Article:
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Friday, June 10, 2011

Amplitude Demodulation

The linear multiplier can be used to demodulated or detect and AM signal. Demodulation can be thought of as reverse modulation. The purpose is to get back the original modulating signal (sound in the case of standard AM receivers). The detector in the AM receiver can be implemented using a multiplier, although another method using peak envelope detection is common

     The Basic AM Demodulator                                  
An AM demodulator can be implemented with a linear multiplier followed by a low pass filter, as shown in figure 5.7 The critical frequency of the filter is the highest audio frequency that is required for a given application (15 KHz, for example)
Basic AM demodulator
Figure 5.7 Basic AM demodulator.

      Operation in Terms of the Frequency Spectra
Let's assume a carrier modulated by a signal tone with a frequency of 10 KHz is received and converted to a modulated intermediate frequency of 455 KHz, as indicated by the frequency spectra in figure 5.8. Notice that the upper side and lower side frequencies are separated from both the carrier and the IF by 10 KHz.

AM signal converted to IF
Figure 5.8 An AM signal converted to IF
When the modulated output of the IF amplifier is applied to the demodulator along with the IF. Sum and difference frequencies for each input frequency are produced as shown in figure 5.9. Only the 10 kHz audio frequency is passed by the filter.  A draw back to this type of AM detection is that a pure IF must be produced to mix with the modulated IF.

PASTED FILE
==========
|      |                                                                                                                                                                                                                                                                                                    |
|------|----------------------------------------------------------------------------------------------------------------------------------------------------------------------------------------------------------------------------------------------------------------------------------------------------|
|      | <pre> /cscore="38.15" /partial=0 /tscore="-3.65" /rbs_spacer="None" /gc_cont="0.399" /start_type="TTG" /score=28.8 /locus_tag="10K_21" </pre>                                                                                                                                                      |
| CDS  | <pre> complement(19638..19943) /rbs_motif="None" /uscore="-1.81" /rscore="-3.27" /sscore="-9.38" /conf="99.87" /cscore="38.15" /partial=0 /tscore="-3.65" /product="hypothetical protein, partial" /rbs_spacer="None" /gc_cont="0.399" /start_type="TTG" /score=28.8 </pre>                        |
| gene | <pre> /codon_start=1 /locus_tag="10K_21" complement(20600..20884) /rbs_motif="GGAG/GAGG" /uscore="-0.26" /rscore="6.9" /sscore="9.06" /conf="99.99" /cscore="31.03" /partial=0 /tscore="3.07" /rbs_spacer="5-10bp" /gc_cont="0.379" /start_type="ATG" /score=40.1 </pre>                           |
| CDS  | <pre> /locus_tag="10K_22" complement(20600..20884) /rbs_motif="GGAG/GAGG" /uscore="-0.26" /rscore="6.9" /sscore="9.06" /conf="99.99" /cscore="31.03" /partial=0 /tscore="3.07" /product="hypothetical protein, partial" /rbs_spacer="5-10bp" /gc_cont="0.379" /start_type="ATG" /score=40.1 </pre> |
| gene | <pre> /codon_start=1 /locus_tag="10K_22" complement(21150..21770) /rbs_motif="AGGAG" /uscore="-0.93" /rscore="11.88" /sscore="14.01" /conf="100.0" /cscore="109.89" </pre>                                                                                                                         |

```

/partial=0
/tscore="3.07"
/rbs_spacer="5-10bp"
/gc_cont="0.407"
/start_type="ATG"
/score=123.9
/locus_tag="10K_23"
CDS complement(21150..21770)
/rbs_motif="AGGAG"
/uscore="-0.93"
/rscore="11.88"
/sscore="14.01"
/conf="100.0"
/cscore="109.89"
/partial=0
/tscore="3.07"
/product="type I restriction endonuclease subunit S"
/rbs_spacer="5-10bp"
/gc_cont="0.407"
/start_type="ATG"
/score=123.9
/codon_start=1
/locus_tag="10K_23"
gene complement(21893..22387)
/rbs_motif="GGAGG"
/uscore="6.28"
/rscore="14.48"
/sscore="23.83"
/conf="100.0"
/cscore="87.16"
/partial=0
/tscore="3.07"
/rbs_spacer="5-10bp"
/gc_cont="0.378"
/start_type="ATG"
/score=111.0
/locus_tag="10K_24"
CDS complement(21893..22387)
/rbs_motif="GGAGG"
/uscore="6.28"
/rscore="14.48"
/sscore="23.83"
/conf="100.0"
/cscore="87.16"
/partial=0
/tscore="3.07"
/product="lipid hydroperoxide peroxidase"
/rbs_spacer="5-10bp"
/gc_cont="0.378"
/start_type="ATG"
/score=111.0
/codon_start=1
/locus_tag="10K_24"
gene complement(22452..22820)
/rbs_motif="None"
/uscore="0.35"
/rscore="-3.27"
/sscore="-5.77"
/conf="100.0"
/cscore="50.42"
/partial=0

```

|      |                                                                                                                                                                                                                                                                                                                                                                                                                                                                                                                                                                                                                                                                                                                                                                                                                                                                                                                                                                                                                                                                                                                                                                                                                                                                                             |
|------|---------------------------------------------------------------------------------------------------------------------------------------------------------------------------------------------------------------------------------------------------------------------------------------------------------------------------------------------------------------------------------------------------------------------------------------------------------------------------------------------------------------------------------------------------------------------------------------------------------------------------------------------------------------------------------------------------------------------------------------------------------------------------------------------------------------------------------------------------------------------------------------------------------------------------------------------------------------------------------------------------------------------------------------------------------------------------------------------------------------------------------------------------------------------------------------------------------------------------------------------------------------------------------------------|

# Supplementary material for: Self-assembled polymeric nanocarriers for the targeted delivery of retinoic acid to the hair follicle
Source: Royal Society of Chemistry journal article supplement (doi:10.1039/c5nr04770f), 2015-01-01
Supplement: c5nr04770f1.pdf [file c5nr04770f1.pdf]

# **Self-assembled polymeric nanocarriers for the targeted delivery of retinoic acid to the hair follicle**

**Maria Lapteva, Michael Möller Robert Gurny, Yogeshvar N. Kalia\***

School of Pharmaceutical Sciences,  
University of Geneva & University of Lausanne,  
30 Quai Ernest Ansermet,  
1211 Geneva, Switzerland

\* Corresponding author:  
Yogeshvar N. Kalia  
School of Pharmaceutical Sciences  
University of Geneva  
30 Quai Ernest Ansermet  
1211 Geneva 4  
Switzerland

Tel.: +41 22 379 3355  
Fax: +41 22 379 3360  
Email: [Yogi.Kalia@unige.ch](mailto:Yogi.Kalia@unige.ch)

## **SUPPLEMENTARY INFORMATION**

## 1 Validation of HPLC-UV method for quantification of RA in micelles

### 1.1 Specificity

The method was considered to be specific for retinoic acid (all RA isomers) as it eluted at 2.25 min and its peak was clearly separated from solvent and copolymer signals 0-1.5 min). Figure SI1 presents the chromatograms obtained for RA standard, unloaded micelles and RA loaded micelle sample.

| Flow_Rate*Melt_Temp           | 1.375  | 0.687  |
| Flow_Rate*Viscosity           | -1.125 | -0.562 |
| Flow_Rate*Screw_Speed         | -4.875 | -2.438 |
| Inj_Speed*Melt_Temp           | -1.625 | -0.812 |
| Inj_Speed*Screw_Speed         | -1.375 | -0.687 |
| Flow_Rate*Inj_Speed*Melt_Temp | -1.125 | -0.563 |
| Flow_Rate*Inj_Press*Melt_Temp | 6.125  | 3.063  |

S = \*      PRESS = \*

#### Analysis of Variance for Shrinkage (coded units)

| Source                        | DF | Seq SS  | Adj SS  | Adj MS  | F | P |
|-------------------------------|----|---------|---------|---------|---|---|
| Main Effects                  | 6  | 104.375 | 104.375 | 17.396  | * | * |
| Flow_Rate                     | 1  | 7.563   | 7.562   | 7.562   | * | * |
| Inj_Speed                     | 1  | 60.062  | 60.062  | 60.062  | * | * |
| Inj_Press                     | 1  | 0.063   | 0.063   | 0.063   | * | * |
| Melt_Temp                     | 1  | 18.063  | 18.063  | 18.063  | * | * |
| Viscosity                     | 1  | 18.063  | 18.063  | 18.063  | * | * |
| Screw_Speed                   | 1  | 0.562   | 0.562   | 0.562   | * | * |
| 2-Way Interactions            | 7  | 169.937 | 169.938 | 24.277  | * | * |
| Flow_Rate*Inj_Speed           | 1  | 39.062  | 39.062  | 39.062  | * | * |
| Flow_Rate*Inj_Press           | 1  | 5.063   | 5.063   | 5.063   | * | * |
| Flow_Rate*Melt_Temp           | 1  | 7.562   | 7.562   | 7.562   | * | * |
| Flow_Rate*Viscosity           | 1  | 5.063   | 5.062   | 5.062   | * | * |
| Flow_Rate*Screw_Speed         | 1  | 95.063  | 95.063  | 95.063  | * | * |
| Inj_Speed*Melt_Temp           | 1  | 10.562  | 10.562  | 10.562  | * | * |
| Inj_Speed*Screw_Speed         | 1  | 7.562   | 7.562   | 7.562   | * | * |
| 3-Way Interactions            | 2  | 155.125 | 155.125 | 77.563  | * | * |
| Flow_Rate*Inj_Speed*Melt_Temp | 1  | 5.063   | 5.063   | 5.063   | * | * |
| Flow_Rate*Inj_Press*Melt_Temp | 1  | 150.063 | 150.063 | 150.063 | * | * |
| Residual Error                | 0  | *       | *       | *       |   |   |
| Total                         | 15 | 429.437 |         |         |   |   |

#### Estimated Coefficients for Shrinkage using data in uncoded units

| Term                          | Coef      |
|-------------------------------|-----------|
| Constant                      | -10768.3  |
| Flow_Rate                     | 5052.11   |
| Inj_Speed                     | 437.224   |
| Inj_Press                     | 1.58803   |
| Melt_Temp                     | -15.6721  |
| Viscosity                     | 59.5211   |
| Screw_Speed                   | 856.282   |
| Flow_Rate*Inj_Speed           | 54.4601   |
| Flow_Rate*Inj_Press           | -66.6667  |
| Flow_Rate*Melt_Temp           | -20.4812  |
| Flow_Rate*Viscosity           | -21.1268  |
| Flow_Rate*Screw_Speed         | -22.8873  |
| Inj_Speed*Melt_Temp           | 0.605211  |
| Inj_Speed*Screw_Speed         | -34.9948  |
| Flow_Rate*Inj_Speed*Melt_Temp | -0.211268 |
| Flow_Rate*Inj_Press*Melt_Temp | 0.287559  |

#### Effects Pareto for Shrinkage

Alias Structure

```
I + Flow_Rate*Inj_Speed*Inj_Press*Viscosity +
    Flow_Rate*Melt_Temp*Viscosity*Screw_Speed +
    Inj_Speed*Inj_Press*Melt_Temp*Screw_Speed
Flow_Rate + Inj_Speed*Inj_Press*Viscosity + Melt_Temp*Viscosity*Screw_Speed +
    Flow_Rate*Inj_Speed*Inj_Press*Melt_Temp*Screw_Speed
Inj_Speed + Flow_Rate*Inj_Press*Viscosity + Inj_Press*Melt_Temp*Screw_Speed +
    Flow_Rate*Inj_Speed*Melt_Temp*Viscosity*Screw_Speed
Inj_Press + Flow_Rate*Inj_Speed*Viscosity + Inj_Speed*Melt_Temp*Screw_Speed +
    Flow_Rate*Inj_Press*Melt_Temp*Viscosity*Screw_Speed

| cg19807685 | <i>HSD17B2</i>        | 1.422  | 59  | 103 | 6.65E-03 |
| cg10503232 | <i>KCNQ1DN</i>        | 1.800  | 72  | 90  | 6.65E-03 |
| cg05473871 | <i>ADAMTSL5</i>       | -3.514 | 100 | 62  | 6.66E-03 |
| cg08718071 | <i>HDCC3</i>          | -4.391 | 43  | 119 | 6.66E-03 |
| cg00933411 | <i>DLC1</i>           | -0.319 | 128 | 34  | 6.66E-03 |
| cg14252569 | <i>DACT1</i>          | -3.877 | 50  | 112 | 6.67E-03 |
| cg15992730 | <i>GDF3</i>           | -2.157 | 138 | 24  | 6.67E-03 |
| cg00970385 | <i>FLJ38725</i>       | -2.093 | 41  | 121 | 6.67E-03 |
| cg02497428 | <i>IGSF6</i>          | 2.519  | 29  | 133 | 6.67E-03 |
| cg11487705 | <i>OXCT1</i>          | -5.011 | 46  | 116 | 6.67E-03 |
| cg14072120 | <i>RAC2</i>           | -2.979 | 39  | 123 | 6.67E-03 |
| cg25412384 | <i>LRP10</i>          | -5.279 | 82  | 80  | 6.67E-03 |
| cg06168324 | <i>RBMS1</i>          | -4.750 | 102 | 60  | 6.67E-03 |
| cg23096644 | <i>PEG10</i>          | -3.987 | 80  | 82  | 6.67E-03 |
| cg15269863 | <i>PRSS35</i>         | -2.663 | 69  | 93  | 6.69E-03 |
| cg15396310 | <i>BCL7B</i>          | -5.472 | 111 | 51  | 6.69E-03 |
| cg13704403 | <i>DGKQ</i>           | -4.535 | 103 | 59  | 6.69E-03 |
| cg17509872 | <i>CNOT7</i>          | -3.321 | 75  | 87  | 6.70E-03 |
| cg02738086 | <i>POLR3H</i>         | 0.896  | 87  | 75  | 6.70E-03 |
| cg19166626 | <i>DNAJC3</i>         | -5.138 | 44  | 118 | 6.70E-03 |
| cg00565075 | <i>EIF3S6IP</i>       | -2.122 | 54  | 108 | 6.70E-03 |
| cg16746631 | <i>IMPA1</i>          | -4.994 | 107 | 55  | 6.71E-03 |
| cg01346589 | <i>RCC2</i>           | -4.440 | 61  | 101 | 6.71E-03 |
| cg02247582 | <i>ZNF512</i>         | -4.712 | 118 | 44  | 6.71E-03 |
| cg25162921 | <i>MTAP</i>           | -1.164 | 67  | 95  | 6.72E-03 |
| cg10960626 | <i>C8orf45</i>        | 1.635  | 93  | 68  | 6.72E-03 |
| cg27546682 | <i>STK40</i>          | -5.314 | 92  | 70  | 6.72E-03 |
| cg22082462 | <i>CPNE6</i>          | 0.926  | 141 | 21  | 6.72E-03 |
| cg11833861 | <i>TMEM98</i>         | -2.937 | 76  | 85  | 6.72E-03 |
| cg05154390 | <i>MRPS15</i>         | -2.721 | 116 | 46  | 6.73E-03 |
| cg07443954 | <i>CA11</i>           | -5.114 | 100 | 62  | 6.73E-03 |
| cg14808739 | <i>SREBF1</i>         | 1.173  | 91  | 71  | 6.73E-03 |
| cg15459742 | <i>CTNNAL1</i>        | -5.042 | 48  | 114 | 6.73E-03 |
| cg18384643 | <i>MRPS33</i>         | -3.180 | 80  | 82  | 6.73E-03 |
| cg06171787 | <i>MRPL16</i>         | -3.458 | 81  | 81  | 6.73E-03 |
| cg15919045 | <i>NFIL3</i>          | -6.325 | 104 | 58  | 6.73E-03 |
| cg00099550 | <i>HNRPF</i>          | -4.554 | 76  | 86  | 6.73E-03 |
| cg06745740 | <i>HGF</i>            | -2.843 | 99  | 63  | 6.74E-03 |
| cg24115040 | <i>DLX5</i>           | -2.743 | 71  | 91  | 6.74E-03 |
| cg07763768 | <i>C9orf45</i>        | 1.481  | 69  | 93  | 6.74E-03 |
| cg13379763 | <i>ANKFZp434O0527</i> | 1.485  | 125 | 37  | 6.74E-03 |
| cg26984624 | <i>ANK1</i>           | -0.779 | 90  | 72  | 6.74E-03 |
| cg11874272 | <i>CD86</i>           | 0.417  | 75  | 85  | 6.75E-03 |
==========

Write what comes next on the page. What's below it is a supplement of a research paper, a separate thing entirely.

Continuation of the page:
Example of demodulation
Figure 5.9 Example of demodulation.

         IF and Audio Amplifiers                

     The basic function of the IF Amplifier
 The IF amplifier in a receiver is a tuned amplifier with a   specified bandwidth operating at a center frequency of 455 KHz for AM and 10.7MHz for FM. The IF amplifier is one of the key features of a super heterodyne receiver because it is set to operate at a signal resonant frequency that remains the same over the entire band of carrier frequency that can be receiver. Figure 5.10 illustrates the basic function of an IF amplifier in terms of the frequency spectra.
          Assume, for example. That the received carrier frequency of     ƒc=1MHz is modulated by an audio signal with a maximum frequency of ƒm=5 KHz indicated in the following figure.
IF Amplifier in AM Receiver

By the frequency spectrum on the input to the mixer for this frequency, the local oscillator is at frequency of

                         ƒo = 1MHz + 455KHz = 1.455MHz

The mixer produces the following sum and difference frequencies as indicated in the previous figure.

                ƒo + ƒc = 1.455MHz + 1MHz = 2.455MHz  
                ƒo – ƒc = 1.455MHz – 1MHz = 455KHz
      ƒo + (ƒc + ƒc) = 1.455MHz + 1.005MHz = 2.46MHz
      ƒo + (ƒc – ƒc) = 1.455MHz + 0.995MHz = 2.45MHz
      ƒo – (ƒc + ƒc) = 1.455MHz – 1.005MHz = 450KHz
     ƒo – (ƒc – ƒc) = 1.455MHz – 0.995MHz = 460KHz

Since the IF amplifier is a frequency-selective circuit, it responds only to 455 KHz and any side frequencies lying in the 10 KHz band centered at 455 KHz. So, all of frequencies out of the mixer are rejected except the 455KHz IF, all lower-side frequencies  down to 450 KHz, and all upper-side frequencies up to 460 KHz. This frequency spectrum is the audio modulated IF.
The audio amplifier in a receiver system
Figure 5.11 The audio amplifier in a receiver system.
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